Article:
Statistics Can Tell A Story

The Numbers Surrounding Gun Sales Can be Misleading

If you’re listening to some pundit on television opining about how Americans are solidly in favor of more gun control, tighter gun regulations and the outlawing of whatever lucky gun is today’s selection as capable of triggering a “self-watering syndrome” in the easily threatened, you might be convinced to entertain the thought they might know what they’re talking about.

That qualifies you as a prime candidate for a bridge I’ve heard is for sale too.

If you take a stroll through a gun shop, you’ll notice there seems to be more space on the product. You’ll also see clearly labeled shelves formerly filled with ammunition.

There’s still a run on firearms and a shortage of the most popular calibers of ammunition.

The Demand Outpaces the Supply

Bullet manufacturers like Vista Outdoor are telling news outlets they’ve never seen such demand for their components. It’s the same story with everything from raw metal to finished ammunition. They’re running full-bore, and it’s still not enough.

It appears these new purchases aren’t going into the sock drawer “just in case” – they’re going to the range for practice, then increasingly finding their way to holsters, vehicles and bedrooms across the country.

People are (justifiably) nervous. Consequently, they’re taking what they feel are appropriate steps to protect their home and families. According to the Christian Science Monitor, approximately forty percent of today’s buyers are first-timers, and a significant chunk of those newbies are women and minorities.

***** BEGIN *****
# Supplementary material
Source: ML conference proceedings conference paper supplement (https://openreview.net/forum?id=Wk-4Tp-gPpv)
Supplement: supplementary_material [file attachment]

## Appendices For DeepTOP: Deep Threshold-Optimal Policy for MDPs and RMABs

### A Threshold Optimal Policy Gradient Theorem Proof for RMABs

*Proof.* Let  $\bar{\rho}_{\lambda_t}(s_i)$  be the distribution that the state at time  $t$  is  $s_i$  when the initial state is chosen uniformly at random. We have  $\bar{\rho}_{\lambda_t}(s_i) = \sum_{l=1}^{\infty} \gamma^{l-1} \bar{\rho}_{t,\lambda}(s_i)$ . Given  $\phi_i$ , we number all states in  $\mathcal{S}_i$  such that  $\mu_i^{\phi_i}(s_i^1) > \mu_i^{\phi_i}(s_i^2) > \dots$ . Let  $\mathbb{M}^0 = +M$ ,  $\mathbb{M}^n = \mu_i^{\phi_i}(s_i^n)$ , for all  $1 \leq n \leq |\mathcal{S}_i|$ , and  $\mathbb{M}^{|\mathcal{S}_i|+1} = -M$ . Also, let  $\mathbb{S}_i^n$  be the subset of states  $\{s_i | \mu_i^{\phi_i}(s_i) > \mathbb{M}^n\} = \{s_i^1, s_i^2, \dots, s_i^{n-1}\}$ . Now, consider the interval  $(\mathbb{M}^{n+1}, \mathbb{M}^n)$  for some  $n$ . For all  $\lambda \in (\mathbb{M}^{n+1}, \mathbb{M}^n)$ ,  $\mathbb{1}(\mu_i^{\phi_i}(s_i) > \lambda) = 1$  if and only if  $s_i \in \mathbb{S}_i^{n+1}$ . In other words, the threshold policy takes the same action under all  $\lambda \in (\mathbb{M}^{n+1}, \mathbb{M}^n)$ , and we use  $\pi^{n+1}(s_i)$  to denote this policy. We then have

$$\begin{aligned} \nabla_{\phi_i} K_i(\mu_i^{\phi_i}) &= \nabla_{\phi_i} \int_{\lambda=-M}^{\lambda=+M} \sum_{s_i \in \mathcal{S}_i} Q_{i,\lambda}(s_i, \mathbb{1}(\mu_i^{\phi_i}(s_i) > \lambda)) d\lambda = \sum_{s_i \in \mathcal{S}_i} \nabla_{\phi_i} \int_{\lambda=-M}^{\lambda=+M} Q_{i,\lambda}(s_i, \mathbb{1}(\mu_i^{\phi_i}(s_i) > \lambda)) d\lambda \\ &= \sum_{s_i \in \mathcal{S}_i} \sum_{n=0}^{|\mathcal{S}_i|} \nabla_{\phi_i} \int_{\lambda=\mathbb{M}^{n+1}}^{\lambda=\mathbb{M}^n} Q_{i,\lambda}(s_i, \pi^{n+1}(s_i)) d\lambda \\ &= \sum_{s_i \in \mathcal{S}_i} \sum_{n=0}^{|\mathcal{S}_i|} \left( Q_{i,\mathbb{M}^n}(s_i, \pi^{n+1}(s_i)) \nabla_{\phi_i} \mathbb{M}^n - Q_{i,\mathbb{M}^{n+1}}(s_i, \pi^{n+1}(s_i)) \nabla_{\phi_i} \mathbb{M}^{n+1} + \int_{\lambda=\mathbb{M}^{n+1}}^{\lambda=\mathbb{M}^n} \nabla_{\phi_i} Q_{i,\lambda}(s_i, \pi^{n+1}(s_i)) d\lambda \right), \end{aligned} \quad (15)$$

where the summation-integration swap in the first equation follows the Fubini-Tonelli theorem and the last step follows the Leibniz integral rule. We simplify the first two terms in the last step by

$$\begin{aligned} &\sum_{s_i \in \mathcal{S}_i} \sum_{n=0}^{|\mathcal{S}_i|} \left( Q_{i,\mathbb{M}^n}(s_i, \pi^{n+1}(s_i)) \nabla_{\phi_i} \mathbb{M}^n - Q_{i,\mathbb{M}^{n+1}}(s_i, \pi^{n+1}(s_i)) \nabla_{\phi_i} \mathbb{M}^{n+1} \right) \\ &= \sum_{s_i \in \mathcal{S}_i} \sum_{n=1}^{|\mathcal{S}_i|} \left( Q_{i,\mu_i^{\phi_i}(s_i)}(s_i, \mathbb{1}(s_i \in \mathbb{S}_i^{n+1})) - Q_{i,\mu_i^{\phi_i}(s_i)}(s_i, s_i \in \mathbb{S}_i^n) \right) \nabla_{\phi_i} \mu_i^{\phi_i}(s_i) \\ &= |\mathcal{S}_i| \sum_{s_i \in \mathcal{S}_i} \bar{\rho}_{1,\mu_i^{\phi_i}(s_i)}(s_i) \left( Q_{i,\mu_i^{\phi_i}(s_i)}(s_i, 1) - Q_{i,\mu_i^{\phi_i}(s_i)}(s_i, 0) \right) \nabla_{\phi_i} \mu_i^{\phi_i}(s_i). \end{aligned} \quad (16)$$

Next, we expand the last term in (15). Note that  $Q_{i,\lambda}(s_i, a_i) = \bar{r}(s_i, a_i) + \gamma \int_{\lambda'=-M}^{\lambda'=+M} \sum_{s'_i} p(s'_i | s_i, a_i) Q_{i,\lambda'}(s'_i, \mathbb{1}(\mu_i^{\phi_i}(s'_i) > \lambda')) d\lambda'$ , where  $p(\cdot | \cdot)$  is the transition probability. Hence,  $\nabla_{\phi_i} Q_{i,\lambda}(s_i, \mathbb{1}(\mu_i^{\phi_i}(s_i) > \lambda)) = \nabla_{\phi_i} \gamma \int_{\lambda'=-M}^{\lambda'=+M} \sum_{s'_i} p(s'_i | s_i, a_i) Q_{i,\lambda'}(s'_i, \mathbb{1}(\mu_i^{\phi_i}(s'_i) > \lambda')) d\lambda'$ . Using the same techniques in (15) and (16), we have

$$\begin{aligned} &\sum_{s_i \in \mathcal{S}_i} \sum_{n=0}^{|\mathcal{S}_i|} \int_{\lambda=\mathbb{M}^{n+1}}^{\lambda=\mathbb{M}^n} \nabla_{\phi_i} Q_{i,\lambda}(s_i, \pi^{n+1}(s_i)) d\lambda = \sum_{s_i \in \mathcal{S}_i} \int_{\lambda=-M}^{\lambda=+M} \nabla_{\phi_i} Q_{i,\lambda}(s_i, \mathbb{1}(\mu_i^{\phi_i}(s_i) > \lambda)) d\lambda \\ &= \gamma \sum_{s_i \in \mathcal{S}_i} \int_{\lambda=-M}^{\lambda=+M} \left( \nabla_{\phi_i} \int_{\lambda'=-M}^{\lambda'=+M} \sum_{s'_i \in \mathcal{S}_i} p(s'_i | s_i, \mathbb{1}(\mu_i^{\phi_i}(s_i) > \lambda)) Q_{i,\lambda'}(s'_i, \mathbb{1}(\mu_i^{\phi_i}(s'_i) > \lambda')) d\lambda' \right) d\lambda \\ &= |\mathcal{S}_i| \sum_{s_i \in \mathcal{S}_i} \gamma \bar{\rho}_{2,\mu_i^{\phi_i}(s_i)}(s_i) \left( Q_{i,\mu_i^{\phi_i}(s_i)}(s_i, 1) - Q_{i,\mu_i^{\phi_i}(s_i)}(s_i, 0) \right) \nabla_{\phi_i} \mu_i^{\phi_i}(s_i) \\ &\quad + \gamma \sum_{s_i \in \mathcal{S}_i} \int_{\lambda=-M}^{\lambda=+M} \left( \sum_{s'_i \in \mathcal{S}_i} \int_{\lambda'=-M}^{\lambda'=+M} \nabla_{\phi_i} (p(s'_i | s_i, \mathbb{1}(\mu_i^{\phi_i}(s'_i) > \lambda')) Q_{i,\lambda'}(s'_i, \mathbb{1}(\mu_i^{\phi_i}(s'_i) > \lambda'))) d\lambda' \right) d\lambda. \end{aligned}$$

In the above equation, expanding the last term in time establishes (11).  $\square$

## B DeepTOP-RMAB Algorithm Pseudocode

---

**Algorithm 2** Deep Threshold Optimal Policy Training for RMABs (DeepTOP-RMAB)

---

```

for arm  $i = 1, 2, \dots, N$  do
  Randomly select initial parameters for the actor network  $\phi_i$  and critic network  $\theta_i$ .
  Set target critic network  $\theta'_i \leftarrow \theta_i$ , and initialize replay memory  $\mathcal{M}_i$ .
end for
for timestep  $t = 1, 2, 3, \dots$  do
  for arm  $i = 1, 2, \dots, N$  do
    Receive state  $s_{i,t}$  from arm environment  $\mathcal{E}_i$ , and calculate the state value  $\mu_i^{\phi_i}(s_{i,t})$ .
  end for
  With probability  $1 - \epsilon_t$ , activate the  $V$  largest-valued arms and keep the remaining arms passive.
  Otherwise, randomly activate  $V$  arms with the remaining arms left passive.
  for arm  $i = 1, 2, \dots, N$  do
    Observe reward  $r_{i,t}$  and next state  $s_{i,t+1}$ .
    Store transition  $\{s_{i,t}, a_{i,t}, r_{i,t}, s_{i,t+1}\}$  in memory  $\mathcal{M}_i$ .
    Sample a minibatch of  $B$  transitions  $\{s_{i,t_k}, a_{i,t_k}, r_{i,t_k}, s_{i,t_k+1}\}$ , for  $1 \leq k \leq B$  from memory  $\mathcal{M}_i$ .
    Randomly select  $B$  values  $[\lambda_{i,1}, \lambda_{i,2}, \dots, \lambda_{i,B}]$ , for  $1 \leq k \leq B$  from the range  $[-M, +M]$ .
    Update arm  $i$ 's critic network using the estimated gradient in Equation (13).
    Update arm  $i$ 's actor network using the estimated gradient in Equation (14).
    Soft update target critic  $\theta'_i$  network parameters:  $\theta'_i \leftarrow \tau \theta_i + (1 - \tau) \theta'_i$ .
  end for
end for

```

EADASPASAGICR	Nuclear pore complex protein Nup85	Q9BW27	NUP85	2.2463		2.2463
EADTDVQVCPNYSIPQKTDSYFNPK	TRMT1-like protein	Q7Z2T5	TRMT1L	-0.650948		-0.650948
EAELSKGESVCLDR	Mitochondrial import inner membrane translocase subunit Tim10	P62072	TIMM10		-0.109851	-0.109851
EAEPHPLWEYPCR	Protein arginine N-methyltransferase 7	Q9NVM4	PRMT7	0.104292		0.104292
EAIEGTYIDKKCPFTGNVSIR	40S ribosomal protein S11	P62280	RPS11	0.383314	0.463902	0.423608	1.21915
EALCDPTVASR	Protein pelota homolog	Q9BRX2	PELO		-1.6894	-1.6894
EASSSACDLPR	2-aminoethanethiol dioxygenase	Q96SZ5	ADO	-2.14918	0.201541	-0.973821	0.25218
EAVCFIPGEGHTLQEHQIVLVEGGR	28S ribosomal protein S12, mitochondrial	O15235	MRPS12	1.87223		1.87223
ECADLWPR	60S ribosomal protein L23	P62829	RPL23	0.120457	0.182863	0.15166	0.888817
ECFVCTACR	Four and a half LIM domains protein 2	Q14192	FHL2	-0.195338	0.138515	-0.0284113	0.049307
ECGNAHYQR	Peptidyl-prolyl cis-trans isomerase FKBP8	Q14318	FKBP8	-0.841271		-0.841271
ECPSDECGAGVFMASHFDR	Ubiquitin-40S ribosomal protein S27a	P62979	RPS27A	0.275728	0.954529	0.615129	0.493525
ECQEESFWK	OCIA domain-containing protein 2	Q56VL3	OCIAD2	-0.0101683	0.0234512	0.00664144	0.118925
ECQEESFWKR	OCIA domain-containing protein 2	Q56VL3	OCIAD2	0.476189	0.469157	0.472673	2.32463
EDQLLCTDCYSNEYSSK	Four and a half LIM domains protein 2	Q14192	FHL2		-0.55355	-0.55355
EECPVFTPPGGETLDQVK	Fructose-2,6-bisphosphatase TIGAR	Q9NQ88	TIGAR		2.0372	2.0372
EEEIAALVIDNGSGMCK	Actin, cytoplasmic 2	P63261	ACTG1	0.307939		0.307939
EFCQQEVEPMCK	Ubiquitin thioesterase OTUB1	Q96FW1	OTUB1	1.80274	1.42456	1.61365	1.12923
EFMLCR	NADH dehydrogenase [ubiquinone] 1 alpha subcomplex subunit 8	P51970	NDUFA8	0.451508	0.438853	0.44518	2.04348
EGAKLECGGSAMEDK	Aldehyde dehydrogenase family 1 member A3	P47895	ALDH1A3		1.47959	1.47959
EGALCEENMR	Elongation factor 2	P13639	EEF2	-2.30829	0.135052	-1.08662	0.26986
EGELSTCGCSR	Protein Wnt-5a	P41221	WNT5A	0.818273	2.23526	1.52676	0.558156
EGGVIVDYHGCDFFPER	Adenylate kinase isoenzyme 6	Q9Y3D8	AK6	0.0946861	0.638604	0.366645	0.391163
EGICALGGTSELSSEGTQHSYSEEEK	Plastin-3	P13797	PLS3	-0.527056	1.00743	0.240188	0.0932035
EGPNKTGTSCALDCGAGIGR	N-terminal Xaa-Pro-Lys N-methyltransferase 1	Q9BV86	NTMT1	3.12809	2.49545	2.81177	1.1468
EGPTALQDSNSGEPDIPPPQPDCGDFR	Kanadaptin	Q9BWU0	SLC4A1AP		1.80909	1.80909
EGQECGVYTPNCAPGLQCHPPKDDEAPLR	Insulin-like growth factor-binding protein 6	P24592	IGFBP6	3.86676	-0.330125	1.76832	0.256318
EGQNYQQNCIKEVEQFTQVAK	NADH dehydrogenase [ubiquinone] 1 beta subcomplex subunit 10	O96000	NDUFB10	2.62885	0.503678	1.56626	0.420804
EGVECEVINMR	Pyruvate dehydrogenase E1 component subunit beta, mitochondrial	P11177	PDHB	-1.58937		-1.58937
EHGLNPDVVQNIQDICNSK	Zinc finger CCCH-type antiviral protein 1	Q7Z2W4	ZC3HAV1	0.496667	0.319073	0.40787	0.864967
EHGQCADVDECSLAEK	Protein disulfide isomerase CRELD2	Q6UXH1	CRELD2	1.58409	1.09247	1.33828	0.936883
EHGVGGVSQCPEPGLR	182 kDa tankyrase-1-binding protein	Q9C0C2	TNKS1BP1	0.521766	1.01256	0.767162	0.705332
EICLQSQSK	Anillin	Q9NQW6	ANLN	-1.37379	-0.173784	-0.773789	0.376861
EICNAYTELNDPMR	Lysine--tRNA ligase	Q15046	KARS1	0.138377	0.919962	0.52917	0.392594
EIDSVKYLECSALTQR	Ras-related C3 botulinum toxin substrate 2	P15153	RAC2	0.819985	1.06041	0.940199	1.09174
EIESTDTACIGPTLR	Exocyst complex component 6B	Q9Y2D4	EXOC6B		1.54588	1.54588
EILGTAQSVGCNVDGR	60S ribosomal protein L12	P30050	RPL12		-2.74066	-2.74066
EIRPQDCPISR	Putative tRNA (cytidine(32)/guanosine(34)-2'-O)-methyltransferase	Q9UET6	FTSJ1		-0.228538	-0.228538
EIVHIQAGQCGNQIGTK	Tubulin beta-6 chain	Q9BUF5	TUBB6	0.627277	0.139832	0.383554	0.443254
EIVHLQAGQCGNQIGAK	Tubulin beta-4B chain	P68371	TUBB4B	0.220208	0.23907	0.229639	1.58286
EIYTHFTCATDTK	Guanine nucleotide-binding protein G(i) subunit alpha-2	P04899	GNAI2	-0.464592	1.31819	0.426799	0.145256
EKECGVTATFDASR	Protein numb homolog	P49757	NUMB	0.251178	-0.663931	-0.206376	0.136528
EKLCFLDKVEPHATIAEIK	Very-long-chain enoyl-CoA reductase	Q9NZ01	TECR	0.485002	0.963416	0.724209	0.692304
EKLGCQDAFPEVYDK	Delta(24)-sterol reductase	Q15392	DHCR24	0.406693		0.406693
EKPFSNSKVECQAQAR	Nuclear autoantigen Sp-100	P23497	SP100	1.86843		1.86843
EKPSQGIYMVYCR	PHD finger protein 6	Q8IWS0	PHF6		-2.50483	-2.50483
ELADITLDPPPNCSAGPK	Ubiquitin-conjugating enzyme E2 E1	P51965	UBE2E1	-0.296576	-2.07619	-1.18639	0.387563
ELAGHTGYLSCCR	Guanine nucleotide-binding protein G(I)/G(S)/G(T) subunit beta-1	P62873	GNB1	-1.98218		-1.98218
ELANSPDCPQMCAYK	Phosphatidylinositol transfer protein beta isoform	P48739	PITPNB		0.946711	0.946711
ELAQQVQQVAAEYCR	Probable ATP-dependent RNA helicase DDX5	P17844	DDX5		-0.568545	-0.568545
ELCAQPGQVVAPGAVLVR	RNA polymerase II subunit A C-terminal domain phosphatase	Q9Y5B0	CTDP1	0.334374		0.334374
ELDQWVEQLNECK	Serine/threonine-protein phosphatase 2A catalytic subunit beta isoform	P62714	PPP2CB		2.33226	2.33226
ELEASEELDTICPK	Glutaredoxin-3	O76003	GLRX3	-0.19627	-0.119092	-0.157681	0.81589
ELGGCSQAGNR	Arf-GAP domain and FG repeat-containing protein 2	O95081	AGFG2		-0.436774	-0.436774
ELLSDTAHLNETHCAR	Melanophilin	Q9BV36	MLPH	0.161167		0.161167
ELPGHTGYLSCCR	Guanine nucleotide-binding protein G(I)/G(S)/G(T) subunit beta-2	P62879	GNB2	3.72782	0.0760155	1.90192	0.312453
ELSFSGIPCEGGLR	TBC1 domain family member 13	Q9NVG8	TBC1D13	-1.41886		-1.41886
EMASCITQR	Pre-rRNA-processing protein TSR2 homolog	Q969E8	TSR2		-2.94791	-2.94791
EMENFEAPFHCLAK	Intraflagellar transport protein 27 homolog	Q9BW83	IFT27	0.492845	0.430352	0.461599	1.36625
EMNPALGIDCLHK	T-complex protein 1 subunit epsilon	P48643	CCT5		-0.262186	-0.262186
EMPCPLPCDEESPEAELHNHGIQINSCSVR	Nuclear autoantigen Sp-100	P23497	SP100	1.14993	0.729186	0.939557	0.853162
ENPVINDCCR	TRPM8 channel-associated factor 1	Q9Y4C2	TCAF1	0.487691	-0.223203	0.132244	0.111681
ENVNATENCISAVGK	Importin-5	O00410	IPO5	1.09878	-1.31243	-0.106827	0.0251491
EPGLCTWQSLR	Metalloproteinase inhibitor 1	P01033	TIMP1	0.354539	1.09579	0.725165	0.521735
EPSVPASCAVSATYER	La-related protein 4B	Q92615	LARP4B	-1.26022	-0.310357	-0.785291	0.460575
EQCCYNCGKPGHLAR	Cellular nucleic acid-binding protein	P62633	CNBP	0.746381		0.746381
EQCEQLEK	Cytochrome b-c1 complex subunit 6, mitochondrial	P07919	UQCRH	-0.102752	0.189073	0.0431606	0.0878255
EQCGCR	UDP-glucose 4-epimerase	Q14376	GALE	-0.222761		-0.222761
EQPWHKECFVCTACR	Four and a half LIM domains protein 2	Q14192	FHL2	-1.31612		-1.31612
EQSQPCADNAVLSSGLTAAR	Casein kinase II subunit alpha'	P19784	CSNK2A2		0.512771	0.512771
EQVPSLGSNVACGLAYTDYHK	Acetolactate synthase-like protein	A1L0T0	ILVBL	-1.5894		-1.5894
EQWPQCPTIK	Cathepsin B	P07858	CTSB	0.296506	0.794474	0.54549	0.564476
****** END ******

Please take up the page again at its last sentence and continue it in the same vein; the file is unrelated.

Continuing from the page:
Recently, the Crime Prevention Research Center came out with a report that contained the most recent carry statistics. They’re not as current as the CSM’s reports of last week, but still eye-opening..especially when you consider the fact that many in the media are still trying to convince you there’s no need to worry.

As of the latest statistics, more than 7.6% of all U.S. adults- about 19.48 million – are concealed carry permit holders.

That is Absolutely Significant!

In 1999 there were only 2.7 million nationwide. Today, Florida alone has more than two million permit holders.

Alabama, Florida, Georgia, Pennsylvania and Texas each have more than a million. Alabama permit holders represent 28.5 percent of all the state’s total adult population.

Fourteen states report gender-specific numbers. In them, 26.4 percent of their permit holders are women.

When you look at the growth since 2016, you’ll see that’s when thirty-four percent of the growth occurred.

And we all know that sales have continued to be stratospheric since early March. But looking at the same period, it’s interesting to note that permits have dropped.

That’s not a statistical aberration, or a reflection of lessening angst. It’s caused by the COVID-19 shutdowns. During pandemic services reductions, many states simply shutdown the approval process.

Here are some takeaways from the research:
• Permits for women and minorities are climbing at rates much faster than for the “men” or “whites” categories. CCWs for women grew at a rate 101.2 percent faster than men.
• The growth doesn’t reflect the fact that sixteen states are Constitutional carry states- permits aren’t required.
• In the four states that provide data by race, black people acquiring CCW permits grew about 55.6 percent faster than whites. CCW growth among Asians, however, showed the largest growth rate – 62.9 percent faster than whites.
• The idea that concealed carry owners fuel crime is absolutely disproven. In Florida and Texas, for example, permit holders are convicted of misdemeanors and felonies at one-sixth the rate of police officers.

There are a lot of opinions out there, and they can be contradictory. But facts are hard to argue.

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